Dec 19 2005

Nearly Christmas…

Dart

The lights are on. It’s nearly Christmas. Huge dazzling banners, twinkley fairy lights, glittering garlands, sparkling Christmas trees; they all light up the evening sky in every town, large or small. Late night shopping, free car parking, crowds, carousels, special Christmas markets, music on the streets, a Ferris wheel in Plymouth, good cheer everywhere, well mostly!

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Nov 26 2005

Snow on the Way!

Stream

It’s Beef Stew and Dumpling weather, Lancashire Hot Pot, Chicken Pie weather, comforting food weather. The week has been clear, sugary, crispy, crunchy, cold, cold, cold. As the sun appeared slowly over the hill the grass began to steam and boil. Gradually the land turned green again but now it’s cold and damp and getting worse! Snow forecasts for tomorrow, so unusual here, and freezing fog and dark, dank days. Suddenly it’s just a little warmer and the sky has taken on that certain ominous, pinky yellowy tinge we so rarely see in South Devon.  Time to hunker down, fill the stables with straw, feed the sheep on the hill and prepare for the freeze.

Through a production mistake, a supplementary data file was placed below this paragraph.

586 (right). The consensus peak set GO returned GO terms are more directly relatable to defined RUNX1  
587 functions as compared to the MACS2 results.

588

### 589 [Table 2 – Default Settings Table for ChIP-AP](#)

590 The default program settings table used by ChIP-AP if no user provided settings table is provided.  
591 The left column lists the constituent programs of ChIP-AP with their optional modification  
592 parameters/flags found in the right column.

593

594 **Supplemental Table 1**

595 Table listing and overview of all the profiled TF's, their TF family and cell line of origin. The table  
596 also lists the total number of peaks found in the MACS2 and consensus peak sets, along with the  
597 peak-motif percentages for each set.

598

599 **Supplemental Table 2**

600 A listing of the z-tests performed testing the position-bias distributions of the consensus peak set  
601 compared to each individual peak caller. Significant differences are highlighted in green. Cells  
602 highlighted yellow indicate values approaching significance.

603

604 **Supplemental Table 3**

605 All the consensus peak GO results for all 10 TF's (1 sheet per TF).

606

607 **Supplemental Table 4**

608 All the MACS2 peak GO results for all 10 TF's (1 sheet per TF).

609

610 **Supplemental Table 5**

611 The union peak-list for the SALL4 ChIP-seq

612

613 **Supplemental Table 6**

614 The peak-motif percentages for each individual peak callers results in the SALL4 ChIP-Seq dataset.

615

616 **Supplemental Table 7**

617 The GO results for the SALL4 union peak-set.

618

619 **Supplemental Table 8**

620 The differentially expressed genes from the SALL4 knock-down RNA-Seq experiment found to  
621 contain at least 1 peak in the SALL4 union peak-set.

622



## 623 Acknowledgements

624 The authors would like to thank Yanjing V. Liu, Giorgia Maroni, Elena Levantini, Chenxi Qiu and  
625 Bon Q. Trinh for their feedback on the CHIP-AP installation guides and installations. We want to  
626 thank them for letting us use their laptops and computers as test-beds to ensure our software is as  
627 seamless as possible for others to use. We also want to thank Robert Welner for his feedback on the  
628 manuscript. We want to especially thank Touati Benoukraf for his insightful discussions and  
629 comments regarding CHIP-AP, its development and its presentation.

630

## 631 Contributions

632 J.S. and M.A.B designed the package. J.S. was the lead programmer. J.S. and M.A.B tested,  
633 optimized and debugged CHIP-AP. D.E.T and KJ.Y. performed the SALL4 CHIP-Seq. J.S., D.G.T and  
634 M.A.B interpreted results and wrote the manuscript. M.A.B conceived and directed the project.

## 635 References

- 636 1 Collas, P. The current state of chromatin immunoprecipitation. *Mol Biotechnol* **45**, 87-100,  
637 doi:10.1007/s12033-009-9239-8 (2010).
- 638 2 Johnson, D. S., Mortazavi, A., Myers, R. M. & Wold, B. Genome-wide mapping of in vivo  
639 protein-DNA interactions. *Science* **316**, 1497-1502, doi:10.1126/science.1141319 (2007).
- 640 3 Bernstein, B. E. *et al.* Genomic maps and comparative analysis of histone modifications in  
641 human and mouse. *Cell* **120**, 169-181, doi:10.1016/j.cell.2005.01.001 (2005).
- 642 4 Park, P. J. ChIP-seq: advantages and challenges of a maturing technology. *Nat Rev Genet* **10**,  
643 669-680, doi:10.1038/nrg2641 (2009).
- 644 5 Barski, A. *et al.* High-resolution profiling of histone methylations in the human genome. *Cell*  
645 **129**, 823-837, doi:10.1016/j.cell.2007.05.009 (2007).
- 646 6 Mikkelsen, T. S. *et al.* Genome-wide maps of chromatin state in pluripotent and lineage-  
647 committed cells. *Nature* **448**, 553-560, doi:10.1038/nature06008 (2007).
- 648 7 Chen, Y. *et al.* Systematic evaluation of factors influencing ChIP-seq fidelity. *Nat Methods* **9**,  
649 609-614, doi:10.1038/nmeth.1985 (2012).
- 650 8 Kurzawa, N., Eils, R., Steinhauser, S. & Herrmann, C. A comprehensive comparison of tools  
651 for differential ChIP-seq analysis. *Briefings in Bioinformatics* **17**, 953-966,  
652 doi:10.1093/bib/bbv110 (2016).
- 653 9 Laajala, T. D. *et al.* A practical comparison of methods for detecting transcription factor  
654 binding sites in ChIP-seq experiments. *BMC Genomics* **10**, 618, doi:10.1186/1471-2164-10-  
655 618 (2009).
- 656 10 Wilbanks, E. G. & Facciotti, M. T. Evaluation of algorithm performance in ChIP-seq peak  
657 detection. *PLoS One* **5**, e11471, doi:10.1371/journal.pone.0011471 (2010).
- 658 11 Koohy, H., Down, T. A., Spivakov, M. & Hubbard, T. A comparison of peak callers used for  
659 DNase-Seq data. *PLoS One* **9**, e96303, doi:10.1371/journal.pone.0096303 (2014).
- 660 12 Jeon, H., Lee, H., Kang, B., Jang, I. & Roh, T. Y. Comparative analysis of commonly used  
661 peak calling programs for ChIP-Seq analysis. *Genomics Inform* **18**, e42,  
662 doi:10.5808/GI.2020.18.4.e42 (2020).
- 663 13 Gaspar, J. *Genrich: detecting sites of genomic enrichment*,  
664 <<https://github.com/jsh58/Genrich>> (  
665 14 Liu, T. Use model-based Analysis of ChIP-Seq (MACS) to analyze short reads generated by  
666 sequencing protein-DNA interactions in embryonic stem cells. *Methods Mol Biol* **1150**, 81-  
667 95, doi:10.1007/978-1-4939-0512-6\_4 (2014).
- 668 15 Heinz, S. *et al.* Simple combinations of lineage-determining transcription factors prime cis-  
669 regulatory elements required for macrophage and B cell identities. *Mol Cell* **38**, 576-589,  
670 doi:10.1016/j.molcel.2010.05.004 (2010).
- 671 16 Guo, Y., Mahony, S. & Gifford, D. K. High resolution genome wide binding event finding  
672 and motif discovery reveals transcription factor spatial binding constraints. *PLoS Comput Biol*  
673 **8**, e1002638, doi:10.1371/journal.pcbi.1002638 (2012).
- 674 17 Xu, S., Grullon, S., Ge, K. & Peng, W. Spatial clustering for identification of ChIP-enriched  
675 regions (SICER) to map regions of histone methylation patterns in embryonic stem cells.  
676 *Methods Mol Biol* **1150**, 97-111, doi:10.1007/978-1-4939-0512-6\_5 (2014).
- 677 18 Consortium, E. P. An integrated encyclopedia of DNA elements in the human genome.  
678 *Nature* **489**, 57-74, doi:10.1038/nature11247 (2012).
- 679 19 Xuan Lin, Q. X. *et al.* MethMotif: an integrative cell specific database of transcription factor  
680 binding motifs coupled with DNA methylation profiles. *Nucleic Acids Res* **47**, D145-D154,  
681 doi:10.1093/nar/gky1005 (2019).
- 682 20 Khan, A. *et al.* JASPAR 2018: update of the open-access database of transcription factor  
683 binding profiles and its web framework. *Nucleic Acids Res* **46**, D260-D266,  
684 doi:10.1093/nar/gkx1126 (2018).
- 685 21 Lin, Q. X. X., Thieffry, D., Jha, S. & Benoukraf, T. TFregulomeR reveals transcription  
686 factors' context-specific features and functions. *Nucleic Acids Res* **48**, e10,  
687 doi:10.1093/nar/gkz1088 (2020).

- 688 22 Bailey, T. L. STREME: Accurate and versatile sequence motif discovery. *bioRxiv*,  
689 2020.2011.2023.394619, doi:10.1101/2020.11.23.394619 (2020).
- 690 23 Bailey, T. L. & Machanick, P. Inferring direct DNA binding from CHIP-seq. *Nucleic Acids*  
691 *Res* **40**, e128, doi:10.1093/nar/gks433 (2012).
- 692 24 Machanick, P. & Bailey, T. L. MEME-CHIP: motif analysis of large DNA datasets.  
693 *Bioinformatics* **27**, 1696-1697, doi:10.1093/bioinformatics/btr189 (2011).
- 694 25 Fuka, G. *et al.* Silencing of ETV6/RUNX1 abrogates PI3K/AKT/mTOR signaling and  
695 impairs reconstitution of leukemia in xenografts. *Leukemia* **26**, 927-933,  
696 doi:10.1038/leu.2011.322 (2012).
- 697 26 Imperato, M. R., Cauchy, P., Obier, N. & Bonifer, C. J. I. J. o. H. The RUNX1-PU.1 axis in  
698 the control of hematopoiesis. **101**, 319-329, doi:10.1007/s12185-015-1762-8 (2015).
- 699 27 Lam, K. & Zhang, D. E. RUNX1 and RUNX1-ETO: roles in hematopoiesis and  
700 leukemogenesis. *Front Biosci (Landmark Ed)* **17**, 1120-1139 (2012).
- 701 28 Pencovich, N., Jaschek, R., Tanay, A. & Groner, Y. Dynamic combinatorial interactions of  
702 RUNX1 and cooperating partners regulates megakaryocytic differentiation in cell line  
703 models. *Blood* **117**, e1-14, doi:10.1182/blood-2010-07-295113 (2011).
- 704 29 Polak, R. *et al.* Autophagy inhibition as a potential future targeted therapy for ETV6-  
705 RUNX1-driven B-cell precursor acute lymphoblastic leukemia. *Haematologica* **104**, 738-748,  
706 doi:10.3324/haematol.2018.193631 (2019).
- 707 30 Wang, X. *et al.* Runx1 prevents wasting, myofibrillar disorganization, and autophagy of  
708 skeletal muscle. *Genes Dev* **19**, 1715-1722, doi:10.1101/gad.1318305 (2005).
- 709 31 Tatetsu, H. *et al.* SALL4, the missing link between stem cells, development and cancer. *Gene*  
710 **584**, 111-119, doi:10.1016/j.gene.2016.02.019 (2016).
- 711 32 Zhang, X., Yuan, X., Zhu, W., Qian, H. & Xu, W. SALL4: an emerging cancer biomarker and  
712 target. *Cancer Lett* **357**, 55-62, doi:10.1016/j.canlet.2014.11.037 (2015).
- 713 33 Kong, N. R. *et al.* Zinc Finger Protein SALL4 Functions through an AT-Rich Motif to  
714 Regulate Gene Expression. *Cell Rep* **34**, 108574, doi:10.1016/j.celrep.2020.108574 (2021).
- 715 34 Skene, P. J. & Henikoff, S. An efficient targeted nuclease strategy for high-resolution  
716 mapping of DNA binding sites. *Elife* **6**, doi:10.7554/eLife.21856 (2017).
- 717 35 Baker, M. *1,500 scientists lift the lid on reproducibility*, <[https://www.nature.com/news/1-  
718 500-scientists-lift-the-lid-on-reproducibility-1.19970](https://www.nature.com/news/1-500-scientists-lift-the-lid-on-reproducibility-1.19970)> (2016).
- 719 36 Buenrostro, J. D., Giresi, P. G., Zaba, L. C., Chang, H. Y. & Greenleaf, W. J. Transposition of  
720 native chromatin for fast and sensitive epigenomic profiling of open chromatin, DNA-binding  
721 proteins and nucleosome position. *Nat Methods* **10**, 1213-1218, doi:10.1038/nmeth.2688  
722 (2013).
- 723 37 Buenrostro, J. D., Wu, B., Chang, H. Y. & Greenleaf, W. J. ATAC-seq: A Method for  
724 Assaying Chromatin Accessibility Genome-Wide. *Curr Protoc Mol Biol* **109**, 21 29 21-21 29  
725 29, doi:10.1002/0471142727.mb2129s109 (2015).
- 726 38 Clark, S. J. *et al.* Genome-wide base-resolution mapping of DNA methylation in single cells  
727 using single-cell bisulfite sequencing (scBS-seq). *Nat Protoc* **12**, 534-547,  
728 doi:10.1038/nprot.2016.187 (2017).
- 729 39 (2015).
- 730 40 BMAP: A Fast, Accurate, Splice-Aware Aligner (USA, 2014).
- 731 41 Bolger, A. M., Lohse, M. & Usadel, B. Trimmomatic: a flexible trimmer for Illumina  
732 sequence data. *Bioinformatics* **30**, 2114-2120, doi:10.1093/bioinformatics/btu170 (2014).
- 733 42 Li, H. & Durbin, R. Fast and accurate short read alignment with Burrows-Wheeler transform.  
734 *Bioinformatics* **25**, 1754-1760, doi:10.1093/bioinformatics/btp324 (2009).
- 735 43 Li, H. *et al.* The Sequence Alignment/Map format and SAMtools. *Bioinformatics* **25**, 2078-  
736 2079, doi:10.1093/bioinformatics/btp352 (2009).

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Nov 02 2005

Autumn Melancholy 2005

April5_051_6 

Relentless wind and rain have battered October. Even today’s crisp sunlight illuminating a transparent clear blue sky does little to lift my perennial autumn melancholy. It evokes memories of childhood solitariness and isolation, of boarding school at seven, of a strangely emptying world. I hate dark mornings too, shopping by streetlight, grey foggy days. And the knowledge that it will only get colder! Most people struggle with ice cold January and February but for me November is the low spot of the year. Those first snow drops on Boxing day, dear mild Devon, lift my spirits once more and carry me on towards spring.